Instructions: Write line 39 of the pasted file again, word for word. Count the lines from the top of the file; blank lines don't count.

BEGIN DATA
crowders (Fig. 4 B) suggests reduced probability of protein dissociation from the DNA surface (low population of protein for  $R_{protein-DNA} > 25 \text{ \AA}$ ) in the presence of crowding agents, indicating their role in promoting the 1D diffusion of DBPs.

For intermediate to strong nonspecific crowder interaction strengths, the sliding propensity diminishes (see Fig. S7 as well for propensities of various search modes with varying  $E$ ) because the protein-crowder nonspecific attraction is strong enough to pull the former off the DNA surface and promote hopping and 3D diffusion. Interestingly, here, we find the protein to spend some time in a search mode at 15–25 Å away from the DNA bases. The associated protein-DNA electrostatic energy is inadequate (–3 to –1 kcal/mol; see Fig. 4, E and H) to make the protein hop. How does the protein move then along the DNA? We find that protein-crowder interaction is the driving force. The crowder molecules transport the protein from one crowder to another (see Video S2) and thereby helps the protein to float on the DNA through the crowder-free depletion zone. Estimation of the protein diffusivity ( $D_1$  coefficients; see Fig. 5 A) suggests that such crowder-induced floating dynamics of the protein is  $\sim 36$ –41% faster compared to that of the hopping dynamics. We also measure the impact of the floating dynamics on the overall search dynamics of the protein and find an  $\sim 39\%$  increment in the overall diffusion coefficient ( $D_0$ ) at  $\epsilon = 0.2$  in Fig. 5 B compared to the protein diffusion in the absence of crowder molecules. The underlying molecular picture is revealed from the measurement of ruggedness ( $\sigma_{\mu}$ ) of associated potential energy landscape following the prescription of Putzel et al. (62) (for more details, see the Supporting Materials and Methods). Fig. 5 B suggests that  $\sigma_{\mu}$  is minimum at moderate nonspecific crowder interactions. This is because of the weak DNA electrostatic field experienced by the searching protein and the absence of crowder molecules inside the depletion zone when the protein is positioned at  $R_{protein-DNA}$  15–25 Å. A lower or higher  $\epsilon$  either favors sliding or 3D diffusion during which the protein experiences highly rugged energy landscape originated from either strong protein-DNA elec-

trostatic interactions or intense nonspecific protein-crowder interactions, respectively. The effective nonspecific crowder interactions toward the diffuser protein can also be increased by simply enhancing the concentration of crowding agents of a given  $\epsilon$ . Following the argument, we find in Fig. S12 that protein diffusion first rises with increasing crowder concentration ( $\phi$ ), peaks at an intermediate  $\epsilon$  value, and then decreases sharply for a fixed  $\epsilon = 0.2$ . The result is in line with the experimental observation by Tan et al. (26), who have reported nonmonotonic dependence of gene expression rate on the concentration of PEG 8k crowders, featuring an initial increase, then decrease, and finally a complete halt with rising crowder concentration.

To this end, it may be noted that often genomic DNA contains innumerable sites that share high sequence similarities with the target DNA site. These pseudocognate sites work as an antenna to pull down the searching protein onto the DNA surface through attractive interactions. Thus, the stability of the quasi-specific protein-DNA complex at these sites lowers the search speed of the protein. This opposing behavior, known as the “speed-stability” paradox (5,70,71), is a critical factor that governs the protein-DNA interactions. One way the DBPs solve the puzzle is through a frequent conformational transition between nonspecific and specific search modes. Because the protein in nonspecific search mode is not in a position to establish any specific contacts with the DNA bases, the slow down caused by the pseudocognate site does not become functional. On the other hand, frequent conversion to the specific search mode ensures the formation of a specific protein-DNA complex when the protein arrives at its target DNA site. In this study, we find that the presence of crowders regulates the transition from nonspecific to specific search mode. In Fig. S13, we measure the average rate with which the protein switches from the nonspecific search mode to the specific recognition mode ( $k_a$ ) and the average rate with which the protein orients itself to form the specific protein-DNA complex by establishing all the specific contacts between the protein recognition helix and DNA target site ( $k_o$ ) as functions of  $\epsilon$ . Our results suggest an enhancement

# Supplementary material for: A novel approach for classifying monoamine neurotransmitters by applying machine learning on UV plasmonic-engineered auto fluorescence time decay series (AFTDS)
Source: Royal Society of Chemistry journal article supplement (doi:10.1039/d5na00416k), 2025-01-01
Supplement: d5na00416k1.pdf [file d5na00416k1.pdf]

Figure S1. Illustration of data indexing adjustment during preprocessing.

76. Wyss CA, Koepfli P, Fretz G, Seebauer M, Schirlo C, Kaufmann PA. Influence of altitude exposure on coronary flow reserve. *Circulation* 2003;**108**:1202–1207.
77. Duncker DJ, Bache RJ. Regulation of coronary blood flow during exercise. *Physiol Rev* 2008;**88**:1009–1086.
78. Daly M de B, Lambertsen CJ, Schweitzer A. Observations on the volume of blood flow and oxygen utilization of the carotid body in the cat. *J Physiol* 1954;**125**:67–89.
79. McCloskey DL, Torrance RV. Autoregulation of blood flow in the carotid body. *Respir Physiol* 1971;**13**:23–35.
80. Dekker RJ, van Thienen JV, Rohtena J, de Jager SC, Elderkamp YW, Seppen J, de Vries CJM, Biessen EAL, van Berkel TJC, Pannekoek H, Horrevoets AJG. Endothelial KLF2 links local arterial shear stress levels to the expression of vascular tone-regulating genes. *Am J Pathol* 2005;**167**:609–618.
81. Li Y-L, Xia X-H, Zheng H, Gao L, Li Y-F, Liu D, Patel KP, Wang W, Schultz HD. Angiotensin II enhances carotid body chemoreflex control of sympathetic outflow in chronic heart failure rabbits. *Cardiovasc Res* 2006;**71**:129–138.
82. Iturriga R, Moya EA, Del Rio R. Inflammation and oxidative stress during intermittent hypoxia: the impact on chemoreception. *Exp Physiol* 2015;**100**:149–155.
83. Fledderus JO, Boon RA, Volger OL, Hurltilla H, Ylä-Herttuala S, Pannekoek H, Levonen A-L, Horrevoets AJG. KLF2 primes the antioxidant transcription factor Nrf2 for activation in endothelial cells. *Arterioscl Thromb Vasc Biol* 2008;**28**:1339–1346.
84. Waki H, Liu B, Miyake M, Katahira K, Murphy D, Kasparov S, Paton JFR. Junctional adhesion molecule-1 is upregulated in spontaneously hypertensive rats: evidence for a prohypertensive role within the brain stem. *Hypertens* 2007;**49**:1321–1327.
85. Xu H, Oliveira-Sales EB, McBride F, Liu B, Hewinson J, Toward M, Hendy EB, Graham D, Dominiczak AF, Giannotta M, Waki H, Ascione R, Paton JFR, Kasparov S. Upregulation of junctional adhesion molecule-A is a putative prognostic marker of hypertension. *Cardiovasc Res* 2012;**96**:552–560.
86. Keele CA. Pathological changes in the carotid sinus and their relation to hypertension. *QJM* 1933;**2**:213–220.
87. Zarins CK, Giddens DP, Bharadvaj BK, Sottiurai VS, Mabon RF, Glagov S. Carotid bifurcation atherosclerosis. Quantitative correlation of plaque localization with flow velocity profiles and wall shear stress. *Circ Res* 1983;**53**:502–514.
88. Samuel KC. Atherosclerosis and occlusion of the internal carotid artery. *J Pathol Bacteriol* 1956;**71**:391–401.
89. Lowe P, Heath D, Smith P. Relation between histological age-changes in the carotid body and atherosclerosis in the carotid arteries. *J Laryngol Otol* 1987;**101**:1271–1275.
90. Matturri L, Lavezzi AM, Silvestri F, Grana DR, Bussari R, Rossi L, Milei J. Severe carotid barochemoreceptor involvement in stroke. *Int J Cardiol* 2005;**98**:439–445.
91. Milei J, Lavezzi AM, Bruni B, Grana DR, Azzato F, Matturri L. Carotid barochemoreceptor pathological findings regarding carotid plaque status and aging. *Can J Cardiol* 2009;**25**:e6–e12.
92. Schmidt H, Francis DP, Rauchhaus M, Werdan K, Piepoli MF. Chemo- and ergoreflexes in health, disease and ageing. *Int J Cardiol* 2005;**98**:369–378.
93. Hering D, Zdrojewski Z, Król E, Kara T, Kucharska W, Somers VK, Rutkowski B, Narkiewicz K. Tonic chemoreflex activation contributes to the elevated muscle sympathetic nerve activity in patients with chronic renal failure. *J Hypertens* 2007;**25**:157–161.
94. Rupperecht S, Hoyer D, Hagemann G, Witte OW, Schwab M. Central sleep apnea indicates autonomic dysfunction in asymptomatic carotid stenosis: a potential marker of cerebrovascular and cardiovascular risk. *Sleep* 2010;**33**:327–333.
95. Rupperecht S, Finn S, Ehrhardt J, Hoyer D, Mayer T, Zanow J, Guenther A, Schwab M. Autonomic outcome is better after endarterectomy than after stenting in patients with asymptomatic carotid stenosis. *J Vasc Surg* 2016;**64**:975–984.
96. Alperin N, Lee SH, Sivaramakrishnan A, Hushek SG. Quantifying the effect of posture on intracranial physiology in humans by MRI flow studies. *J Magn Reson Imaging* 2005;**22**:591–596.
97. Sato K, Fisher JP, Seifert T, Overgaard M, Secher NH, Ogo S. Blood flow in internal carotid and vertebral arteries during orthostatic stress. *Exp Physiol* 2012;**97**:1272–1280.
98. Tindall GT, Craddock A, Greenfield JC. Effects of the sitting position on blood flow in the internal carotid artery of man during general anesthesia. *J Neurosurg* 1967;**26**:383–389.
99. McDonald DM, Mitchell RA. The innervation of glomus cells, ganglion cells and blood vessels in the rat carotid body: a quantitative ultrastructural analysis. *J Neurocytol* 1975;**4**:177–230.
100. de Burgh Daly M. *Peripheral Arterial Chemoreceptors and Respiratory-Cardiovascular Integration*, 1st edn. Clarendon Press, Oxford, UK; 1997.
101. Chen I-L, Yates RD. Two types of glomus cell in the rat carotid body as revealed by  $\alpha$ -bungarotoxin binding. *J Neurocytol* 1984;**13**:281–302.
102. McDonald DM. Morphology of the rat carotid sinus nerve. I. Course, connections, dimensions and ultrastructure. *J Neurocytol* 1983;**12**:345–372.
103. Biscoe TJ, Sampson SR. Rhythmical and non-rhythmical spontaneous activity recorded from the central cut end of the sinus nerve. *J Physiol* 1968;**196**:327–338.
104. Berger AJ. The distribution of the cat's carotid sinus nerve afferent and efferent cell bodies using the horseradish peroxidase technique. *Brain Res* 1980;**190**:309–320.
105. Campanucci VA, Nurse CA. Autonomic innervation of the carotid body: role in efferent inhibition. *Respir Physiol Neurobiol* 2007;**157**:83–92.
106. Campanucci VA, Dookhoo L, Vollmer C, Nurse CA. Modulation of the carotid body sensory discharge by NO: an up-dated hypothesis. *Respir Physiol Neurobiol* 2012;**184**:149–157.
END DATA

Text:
106. Campanucci VA, Dookhoo L, Vollmer C, Nurse CA. Modulation of the carotid body sensory discharge by NO: an up-dated hypothesis. *Respir Physiol Neurobiol* 2012;**184**:149–157.